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The Supreme Court on Monday found unconstitutional a provision of a federal trademark law banning offensive names, siding with the Asian-American rock group “The Slants.”
In an 8-0 decision, the court in Matal v. Tam upheld a lower court's ruling that the Lanham Act's disparagement clause was unconstitutional under the First Amendment's Free Speech Clause.
The Act prohibited the registration of trademarks that may “disparage ... or bring ... into contempt or disrepute” any “persons, living or dead.”
Simon Tam, founder and bassist of the Oregon-based band, had sought registration by the Patent and Trademark Office in order to “reclaim” the term from being a derogatory reference to people of Asian origin.
Justice Samuel Alito delivered the opinion, concluding that trademarks are private, not government speech:
Holding that the registration of a trademark converts the mark into government speech would constitute a huge and dangerous extension of the government-speech doctrine, for other systems of government registration (such as copyright) could easily be characterized in the same way.
The court, he wrote, is cautious in extending its government-speech precedents, “for if private speech could be passed off as government speech by simply affixing a government seal of approval, government could silence or muffle the expression of disfavored viewpoints.”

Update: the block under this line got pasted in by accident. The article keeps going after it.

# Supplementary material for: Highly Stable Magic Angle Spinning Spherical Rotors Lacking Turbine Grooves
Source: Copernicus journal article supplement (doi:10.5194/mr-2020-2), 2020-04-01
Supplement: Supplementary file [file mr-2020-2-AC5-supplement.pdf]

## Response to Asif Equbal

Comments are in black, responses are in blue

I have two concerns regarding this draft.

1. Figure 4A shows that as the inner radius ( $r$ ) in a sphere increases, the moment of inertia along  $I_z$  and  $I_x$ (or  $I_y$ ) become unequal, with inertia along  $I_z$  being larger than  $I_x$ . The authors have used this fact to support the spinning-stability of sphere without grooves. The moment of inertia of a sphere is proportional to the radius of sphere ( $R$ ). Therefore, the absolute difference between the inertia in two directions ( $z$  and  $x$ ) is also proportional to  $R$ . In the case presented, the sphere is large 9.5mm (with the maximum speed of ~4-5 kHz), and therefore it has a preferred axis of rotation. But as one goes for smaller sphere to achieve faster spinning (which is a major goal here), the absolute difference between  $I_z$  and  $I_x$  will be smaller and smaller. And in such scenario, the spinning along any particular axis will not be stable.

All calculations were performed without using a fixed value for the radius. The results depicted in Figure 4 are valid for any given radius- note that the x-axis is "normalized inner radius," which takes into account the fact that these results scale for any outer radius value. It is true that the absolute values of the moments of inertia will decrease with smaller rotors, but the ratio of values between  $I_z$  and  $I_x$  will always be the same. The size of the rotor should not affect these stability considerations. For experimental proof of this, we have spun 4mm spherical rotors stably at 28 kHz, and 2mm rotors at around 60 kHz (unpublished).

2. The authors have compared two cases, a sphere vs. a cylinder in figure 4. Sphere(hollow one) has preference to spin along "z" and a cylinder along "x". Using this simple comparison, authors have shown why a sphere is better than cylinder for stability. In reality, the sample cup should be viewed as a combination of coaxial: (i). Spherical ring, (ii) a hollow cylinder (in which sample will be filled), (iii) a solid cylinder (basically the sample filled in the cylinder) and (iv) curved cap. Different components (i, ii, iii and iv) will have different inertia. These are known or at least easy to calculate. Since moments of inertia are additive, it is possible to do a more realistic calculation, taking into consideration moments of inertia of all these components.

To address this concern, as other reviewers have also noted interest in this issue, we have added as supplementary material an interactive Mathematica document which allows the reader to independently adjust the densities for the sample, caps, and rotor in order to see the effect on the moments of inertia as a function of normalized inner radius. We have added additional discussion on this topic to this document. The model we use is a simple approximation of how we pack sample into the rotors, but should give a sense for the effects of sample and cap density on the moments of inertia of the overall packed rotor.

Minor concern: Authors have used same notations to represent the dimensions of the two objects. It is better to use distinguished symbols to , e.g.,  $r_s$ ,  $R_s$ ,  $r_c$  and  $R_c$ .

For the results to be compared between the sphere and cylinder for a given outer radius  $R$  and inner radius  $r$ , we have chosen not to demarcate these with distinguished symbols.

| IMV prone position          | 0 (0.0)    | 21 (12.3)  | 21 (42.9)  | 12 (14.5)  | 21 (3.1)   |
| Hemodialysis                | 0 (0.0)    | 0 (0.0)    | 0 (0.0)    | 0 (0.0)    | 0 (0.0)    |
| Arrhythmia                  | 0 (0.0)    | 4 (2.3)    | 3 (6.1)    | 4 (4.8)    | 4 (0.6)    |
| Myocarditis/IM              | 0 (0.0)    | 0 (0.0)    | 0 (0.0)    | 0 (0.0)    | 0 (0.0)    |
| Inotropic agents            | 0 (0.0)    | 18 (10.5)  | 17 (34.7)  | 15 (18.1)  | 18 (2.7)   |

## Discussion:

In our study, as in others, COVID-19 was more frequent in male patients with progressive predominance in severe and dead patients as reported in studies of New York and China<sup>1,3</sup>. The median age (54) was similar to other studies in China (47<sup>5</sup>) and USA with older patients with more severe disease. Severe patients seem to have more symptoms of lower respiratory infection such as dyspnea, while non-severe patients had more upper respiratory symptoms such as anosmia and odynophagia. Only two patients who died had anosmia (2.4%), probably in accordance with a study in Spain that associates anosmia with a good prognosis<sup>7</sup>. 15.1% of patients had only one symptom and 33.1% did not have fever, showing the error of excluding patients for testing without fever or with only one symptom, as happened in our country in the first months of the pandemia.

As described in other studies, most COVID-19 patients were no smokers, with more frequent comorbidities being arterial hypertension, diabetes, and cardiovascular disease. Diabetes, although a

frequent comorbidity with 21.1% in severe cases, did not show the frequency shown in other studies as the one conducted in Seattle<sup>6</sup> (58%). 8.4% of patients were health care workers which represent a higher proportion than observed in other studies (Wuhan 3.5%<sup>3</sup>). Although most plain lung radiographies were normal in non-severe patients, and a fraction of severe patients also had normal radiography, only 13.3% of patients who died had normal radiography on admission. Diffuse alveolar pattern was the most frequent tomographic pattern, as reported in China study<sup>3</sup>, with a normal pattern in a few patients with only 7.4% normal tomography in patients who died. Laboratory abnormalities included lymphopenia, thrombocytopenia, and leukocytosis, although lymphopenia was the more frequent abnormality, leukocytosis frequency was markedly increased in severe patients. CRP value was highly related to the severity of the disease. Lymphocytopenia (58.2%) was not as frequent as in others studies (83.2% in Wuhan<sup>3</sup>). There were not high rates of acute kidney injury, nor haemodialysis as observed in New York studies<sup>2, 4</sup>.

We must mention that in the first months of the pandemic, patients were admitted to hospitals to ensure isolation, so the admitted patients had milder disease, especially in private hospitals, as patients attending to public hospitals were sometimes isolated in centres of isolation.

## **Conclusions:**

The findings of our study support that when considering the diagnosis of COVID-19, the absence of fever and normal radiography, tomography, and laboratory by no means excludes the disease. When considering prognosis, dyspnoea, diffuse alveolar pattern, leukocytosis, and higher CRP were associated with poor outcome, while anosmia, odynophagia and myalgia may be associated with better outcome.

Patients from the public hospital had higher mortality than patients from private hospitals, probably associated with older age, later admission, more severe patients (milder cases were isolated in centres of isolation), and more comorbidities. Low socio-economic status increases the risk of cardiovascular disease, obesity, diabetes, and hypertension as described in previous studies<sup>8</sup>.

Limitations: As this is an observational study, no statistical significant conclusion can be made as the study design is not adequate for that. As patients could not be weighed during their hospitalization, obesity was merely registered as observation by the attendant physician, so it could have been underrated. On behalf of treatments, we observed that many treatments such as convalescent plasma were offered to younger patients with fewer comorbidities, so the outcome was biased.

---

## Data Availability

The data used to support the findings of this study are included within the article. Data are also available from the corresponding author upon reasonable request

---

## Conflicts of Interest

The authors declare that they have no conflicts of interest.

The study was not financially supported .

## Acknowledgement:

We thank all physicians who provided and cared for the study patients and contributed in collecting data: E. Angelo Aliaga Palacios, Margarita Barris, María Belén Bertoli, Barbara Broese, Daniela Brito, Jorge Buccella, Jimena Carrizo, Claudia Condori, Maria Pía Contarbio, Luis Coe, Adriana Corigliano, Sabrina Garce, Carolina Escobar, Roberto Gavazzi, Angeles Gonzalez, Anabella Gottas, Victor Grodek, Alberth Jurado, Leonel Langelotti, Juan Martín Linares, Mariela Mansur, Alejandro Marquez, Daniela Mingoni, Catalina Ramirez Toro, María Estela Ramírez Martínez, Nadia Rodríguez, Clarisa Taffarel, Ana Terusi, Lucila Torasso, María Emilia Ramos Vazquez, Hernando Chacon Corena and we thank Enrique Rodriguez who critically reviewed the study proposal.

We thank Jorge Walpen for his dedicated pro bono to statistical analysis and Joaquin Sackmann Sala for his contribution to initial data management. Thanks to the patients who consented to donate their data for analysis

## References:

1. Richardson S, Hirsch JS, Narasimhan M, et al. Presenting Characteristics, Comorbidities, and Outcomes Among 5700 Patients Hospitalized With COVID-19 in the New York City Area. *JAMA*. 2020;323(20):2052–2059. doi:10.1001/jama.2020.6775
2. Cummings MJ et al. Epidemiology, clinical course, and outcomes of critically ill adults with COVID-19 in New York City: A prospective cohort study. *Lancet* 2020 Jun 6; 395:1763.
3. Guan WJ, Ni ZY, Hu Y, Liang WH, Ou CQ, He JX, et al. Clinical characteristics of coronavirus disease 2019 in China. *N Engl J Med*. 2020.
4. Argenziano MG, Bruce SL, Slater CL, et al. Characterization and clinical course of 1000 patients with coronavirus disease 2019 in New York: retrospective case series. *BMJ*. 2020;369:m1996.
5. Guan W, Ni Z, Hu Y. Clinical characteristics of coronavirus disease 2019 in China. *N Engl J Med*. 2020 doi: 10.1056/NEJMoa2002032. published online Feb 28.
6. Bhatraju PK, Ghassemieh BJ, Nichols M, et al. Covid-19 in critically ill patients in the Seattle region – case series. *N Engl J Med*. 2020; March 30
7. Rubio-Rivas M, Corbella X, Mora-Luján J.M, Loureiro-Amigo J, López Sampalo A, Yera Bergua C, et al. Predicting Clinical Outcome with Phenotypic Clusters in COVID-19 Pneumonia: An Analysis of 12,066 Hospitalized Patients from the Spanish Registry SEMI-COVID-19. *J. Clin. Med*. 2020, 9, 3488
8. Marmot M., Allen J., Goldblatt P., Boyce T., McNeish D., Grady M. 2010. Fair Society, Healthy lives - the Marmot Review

Furthermore, the disparagement provision of the trademark law in question was simply too broad:
The clause reaches any trademark that disparages any person, group, or institution. It applies to trademarks like the following: 'Down with racists,' 'Down with sexists,' 'Down with homophobes.' It is not an anti-discrimination clause; it is a happy-talk clause. In this way, it goes much further than is necessary to serve the interest asserted.
This ruling could be good news for the Washington Redskins, whose trademarks were canceled three years ago after the word “Redskins” was found to be disparaging to Native Americans. The Justice Department, backed by President Barack Obama's administration, had argued that the team's name is commercial speech and thus should not be afforded the same protections.